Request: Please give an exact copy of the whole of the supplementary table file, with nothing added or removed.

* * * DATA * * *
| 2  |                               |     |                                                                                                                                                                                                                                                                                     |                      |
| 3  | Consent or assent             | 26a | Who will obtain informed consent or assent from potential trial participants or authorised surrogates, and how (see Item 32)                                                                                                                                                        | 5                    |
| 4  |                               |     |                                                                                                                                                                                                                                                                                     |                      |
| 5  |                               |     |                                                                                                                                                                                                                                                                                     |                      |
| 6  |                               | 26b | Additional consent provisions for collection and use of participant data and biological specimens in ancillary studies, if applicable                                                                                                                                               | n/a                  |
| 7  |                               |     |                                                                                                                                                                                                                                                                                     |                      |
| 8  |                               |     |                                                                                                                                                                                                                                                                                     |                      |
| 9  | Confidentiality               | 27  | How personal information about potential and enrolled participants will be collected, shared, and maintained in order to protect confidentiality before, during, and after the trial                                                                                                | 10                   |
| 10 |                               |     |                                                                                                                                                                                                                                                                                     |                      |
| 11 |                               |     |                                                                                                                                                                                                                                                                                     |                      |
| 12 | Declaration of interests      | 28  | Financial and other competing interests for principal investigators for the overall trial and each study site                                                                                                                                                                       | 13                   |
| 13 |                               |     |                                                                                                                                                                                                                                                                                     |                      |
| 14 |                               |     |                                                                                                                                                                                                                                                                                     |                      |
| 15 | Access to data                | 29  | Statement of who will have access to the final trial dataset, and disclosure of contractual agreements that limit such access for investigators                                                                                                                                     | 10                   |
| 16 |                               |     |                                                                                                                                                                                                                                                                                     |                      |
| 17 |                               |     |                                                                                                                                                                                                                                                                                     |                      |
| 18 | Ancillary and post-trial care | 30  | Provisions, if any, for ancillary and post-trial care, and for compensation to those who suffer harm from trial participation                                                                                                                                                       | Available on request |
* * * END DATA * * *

| 2  |                               |     |                                                                                                                                                                                                                                                                                     |                      |
| 3  | Consent or assent             | 26a | Who will obtain informed consent or assent from potential trial participants or authorised surrogates, and how (see Item 32)                                                                                                                                                        | 5                    |
| 4  |                               |     |                                                                                                                                                                                                                                                                                     |                      |
| 5  |                               |     |                                                                                                                                                                                                                                                                                     |                      |
| 6  |                               | 26b | Additional consent provisions for collection and use of participant data and biological specimens in ancillary studies, if applicable                                                                                                                                               | n/a                  |
| 7  |                               |     |                                                                                                                                                                                                                                                                                     |                      |
| 8  |                               |     |                                                                                                                                                                                                                                                                                     |                      |
| 9  | Confidentiality               | 27  | How personal information about potential and enrolled participants will be collected, shared, and maintained in order to protect confidentiality before, during, and after the trial                                                                                                | 10                   |
| 10 |                               |     |                                                                                                                                                                                                                                                                                     |                      |
| 11 |                               |     |                                                                                                                                                                                                                                                                                     |                      |
| 12 | Declaration of interests      | 28  | Financial and other competing interests for principal investigators for the overall trial and each study site                                                                                                                                                                       | 13                   |
| 13 |                               |     |                                                                                                                                                                                                                                                                                     |                      |
| 14 |                               |     |                                                                                                                                                                                                                                                                                     |                      |
| 15 | Access to data                | 29  | Statement of who will have access to the final trial dataset, and disclosure of contractual agreements that limit such access for investigators                                                                                                                                     | 10                   |
| 16 |                               |     |                                                                                                                                                                                                                                                                                     |                      |
| 17 |                               |     |                                                                                                                                                                                                                                                                                     |                      |
| 18 | Ancillary and post-trial care | 30  | Provisions, if any, for ancillary and post-trial care, and for compensation to those who suffer harm from trial participation                                                                                                                                                       | Available on request |